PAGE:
Feeling confused about apple cider vinegar? You’re not the only one! Apples are high FODMAP so how can apple cider vinegar be low FODMAP? Check out my article to find out how manufacturing processes can change FODMAP levels.
What is apple cider vinegar?
Apple cider vinegar (ACV) or cider vinegar is an amber coloured liquid that has a tangy yet slightly fruity taste. The vinegar is made from the juice of crushed apples, which is double fermented (Gunnars, 2016). During the first fermentation, yeast converts the sugars in the juice into alcohol (Commins, 2015; Gunnars, 2016). Then in the second fermentation the alcohol is converted into acetic and malic acid by bacteria.
Organic or unpasteurised AVC contains the ‘mother’ of vinegar (strands of proteins, enzymes and bacteria), which give the vinegar a cloudy cobweb-like appearance.
Apple cider vinegar has a strong flavour, making it perfect for marinades, chutneys and stews.
Why is apple cider vinegar low FODMAP?
Apples are high FODMAP, so you might be wondering why apple cider vinegar is low FODMAP. We know that fermentation of foods can reduce their FODMAP levels.
According to Nu Tran from Monash University, “Yes, fermentation does lower the FODMAP content of foods. However, it may not necessarily change the FODMAP content enough for it to go from a ‘red’ rating to an ‘amber’ rating, or an ‘amber’ rating to a ‘green’. It’s dependent on the individual foods, the fermentation process used, as well as the person’s tolerance”.
In the case of the apple cider, the double fermentation manufacturing process seems to reduce the high levels of fructose and sorbitol found in apples, to safe levels within the low FODMAP threshold.
What is the safe serving size for apple cider vinegar?
According to the Monash University low FODMAP app the safe serving size for apple cider vinegar is 2 tablespoons. For extensive and up-to-date lists of low and high FODMAP foods please check out the Monash Low FODMAP app.
Apple cider vinegar is low FODMAP and you can safely enjoy its tangy and fruity flavours in your next meal. Please note: If you want more information on going low FODMAP please see our FODMAP toolkit: Your complete guide to going low-FODMAP. Full print ready version available for purchase, details here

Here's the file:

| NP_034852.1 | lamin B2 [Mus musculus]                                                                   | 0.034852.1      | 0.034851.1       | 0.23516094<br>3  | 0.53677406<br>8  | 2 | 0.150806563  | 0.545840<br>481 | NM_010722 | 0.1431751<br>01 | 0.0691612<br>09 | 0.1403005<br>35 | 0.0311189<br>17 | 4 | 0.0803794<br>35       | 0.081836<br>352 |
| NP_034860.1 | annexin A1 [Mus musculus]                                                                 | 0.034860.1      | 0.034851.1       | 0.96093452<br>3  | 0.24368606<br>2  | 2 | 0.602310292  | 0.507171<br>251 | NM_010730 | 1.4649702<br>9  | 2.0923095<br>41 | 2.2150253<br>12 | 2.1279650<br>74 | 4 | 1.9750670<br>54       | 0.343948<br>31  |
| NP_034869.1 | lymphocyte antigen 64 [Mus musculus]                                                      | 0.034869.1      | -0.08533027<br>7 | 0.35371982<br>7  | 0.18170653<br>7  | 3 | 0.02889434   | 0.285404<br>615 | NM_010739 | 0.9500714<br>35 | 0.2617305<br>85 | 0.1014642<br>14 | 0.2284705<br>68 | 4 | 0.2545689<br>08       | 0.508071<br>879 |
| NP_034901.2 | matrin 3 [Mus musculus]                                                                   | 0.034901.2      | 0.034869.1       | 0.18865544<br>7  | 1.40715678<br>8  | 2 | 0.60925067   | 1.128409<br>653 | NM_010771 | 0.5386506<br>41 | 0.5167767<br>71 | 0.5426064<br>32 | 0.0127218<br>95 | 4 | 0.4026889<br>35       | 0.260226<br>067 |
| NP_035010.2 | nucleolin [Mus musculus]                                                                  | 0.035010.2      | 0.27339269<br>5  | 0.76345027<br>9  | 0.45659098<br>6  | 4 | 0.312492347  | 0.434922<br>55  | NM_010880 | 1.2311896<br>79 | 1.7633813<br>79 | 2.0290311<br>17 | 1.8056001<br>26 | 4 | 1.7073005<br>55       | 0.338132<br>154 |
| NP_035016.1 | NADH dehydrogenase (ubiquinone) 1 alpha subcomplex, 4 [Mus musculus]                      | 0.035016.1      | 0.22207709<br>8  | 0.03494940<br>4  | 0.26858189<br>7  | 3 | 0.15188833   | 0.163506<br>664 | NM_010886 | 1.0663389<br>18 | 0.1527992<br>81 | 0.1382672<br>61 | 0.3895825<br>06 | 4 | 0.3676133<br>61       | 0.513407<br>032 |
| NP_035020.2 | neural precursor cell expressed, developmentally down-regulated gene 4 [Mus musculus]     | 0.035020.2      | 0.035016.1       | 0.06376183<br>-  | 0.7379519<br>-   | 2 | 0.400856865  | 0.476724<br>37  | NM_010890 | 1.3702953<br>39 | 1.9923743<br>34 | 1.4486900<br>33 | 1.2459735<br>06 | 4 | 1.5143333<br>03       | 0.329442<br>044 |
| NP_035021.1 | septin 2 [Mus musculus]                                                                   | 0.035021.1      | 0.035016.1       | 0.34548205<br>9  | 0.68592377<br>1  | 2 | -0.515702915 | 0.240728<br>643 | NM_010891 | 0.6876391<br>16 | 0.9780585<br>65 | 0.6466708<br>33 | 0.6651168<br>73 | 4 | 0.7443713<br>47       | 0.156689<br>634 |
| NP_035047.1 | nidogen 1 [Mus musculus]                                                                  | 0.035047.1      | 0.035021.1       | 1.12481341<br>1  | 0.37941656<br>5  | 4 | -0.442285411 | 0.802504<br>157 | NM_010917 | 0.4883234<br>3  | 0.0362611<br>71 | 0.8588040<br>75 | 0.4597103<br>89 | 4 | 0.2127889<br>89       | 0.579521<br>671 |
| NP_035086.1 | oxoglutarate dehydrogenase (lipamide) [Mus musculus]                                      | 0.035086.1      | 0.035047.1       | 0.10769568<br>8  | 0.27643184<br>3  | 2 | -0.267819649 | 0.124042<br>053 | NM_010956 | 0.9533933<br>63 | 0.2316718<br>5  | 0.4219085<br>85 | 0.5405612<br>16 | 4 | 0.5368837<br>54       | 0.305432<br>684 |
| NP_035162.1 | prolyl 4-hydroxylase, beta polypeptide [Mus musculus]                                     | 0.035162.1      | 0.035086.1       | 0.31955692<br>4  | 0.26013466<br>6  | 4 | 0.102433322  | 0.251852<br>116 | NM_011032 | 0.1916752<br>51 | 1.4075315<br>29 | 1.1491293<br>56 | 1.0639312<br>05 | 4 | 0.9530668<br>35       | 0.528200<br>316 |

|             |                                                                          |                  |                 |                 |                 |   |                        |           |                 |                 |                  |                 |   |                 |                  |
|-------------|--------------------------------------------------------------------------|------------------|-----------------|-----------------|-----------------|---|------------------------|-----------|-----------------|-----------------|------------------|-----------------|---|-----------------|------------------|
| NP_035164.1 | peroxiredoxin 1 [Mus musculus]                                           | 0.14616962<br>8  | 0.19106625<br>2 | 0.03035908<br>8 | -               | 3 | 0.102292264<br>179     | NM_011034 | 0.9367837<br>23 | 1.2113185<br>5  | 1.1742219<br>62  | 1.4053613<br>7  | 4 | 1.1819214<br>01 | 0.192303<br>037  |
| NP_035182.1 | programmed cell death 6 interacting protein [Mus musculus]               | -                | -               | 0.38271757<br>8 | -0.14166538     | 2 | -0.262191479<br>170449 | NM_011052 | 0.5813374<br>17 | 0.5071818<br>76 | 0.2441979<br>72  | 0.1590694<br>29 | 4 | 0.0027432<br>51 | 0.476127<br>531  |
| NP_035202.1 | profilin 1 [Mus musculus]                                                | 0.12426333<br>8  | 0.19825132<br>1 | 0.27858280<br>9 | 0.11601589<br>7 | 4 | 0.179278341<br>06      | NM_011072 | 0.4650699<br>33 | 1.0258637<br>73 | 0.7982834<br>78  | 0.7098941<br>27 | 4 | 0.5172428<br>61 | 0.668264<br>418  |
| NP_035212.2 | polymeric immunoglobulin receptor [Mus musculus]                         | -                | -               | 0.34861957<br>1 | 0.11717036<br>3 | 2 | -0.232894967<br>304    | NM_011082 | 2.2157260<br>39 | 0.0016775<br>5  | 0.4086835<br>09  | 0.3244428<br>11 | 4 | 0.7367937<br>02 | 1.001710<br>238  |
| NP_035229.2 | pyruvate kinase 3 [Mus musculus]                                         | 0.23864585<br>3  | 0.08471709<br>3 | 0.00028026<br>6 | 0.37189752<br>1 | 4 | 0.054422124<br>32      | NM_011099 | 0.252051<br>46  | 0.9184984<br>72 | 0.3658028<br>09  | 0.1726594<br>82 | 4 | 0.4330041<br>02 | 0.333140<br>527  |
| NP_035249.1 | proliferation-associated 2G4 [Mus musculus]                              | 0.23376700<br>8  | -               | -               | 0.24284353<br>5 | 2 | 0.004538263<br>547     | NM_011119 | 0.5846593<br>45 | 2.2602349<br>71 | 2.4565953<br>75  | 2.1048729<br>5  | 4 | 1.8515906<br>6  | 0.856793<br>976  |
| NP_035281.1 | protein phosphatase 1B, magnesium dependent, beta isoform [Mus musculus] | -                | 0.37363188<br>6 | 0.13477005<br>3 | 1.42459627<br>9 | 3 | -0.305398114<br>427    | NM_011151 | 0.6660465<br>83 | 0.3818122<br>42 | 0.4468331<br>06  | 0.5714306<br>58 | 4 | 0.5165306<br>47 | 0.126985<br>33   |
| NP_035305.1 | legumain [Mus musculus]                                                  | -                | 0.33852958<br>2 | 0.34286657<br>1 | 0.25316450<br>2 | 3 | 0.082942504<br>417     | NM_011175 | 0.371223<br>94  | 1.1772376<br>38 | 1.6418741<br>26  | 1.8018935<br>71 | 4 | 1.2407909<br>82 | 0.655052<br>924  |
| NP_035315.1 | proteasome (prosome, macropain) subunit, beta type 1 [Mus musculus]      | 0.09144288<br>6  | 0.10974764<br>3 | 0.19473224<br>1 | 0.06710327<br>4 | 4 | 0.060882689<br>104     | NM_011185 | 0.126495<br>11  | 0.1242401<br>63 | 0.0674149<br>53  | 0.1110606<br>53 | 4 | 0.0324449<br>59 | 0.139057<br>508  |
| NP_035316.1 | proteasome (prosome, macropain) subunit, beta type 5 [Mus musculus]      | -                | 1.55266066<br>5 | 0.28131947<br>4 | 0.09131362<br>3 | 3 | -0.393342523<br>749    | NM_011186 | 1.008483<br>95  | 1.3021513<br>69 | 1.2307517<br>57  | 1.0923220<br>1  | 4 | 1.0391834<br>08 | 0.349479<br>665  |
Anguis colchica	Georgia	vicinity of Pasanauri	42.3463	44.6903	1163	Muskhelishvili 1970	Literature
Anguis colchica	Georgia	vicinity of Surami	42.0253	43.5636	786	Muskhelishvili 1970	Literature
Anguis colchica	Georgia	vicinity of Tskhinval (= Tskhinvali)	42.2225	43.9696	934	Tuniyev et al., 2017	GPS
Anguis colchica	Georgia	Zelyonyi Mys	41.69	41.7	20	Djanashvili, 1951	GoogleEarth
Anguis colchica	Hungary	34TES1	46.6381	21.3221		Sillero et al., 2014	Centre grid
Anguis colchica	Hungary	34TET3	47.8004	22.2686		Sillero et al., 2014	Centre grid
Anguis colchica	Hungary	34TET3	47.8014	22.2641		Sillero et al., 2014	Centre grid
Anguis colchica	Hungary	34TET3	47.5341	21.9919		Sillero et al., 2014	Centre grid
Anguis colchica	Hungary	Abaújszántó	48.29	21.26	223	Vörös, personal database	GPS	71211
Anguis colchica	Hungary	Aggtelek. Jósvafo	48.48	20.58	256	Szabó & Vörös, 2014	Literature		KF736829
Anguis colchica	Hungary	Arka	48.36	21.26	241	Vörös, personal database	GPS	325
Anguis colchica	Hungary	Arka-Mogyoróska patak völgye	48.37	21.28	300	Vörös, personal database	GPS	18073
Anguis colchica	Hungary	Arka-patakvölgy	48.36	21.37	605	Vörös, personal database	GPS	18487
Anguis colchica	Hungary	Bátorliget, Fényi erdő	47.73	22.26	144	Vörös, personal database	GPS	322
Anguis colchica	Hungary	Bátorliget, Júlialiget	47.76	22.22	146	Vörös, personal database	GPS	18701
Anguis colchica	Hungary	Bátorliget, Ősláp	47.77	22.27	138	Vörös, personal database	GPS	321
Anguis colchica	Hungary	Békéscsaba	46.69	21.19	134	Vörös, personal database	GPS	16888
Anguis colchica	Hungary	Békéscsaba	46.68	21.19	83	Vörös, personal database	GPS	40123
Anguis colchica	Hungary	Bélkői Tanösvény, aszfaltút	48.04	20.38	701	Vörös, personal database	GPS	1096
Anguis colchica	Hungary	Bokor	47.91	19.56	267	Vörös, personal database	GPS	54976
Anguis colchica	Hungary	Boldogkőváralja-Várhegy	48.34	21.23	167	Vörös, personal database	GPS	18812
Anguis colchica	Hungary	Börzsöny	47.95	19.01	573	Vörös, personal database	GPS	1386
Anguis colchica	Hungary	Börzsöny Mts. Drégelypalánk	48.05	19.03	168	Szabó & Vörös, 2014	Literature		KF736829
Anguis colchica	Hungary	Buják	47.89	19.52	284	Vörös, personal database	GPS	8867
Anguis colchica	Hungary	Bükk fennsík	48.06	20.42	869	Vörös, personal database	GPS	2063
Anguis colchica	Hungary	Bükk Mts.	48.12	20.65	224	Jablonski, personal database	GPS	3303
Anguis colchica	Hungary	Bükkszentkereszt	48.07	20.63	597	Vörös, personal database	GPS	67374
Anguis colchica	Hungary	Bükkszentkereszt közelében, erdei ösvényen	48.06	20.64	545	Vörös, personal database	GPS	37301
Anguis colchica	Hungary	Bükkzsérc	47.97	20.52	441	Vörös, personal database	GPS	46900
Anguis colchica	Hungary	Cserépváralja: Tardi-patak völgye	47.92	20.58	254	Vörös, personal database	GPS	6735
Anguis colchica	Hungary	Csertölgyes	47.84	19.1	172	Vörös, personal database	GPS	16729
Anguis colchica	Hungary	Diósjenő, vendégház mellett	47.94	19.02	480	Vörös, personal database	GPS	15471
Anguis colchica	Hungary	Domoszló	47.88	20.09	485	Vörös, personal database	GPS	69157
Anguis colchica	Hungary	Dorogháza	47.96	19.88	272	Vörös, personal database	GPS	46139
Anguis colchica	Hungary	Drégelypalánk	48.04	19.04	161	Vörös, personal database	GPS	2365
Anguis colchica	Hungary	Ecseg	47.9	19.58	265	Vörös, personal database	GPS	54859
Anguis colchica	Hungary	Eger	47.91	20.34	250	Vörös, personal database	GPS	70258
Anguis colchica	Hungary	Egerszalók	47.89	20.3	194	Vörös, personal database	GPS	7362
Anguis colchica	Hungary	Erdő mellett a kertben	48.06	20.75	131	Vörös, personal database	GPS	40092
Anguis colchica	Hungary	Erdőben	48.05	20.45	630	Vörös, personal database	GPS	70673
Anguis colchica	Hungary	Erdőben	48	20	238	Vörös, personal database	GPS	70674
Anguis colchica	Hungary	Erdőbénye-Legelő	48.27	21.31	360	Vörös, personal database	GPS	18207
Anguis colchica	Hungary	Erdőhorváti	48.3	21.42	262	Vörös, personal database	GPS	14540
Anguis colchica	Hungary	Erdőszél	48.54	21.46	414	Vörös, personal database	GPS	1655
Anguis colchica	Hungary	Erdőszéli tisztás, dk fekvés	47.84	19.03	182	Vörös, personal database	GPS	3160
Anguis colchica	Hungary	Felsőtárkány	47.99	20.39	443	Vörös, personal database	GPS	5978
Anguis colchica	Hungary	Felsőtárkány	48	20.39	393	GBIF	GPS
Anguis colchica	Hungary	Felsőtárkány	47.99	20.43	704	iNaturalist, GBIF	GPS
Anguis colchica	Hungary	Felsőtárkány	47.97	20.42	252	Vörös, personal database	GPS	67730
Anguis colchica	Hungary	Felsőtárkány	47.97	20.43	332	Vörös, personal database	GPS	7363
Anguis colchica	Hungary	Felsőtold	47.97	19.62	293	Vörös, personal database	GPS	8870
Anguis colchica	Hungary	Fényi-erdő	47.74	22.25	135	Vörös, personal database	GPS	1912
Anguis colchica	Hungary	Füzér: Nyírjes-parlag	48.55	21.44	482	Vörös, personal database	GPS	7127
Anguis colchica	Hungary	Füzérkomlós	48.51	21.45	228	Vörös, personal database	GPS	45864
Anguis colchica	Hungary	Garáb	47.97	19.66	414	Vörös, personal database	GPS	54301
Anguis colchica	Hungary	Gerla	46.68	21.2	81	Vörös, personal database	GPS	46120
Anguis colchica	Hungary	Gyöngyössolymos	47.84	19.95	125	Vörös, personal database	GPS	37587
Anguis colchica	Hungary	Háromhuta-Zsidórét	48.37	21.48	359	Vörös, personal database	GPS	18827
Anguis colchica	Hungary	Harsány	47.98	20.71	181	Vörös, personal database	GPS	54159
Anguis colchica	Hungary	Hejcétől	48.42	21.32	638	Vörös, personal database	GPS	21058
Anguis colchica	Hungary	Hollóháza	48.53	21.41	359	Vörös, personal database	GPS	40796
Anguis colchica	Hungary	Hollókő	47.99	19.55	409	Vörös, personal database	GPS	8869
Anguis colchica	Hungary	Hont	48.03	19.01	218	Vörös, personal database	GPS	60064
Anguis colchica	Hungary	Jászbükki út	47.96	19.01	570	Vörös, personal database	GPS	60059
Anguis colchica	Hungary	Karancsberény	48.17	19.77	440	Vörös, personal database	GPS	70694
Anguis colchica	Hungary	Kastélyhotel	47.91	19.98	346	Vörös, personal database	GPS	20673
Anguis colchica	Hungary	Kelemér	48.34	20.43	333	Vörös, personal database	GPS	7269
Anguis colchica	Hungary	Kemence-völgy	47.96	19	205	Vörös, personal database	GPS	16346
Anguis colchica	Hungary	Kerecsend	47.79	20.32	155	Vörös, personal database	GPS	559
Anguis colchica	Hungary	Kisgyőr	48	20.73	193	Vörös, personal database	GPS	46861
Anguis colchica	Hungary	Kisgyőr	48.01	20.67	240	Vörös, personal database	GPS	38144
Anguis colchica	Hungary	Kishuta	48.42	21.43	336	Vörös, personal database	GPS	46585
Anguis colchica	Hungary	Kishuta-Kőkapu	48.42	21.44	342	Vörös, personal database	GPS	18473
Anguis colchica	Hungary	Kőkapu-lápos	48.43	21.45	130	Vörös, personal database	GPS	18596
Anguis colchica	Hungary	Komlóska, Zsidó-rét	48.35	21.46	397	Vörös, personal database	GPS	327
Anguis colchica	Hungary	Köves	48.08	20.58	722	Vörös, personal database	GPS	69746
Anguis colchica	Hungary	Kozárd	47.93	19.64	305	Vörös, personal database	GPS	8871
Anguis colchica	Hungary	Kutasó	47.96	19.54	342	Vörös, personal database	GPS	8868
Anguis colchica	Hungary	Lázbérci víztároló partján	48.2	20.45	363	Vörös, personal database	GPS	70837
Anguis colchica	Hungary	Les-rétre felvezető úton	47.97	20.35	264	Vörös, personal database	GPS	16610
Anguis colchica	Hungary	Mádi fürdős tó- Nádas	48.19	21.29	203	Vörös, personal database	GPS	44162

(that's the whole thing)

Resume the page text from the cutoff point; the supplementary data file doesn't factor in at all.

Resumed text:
You may also be interested in:
- What nuts are low-fodmap?
- What flours and starches are low-fodmap?
- What cheeses are low-fodmap, low lactose?
- Is fermented cabbage and sauerkraut low-fodmap?
- Fodmap content of milk and milk alternatives
- Are cranberries low-fodmap?
- Garlic and a low-fodmap diet
Please also see our articles; is the low-fodmaps diet right for you and our Fodmaps toolkit which is your complete guide to going low-fodmap.
Here’s some delicious low-fodmap recipe ideas:
Low-fodmap spaghetti bolognese
Low-fodmap seared steak with mustard sauce
All our low-fodmap recipes, plus more low-fodmap options
Article sources and references
- The Cook's Thesaurus. The Cook's Thesaurus: Vinegar. Food Subs. 2016http://www.foodsubs.com/Vinegars.html
- . Gunnars, K. 6 Proven Benefits of Apple Cider Vinegar (No. 3 is Best). Authority Nutrition. 2016-01https://www.healthline.com/nutrition/6-proven-health-benefits-of-apple-cider-vinegar
- Commins, J. What Is the Difference Between Cider Vinegar & Apple Cider Vinegar?. Livestrong. 2015-04-17.https://www.livestrong.com/article/497150-what-is-the-difference-between-cider-vinegar-apple-cider-vinegar/
- Monash Blog. Adding flavour without adding symptoms (comment section). Monash Low FODMAP Blog. 2015-03-26https://www.monashfodmap.com/blog/adding-flavour-without-adding-symptoms/
- Monash University App. Food Guide. The Monash University Low FODMAP Diet App. 2016: Version 1.5(296?https://www.monashfodmap.com/ibs-central/i-have-ibs/get-the-app/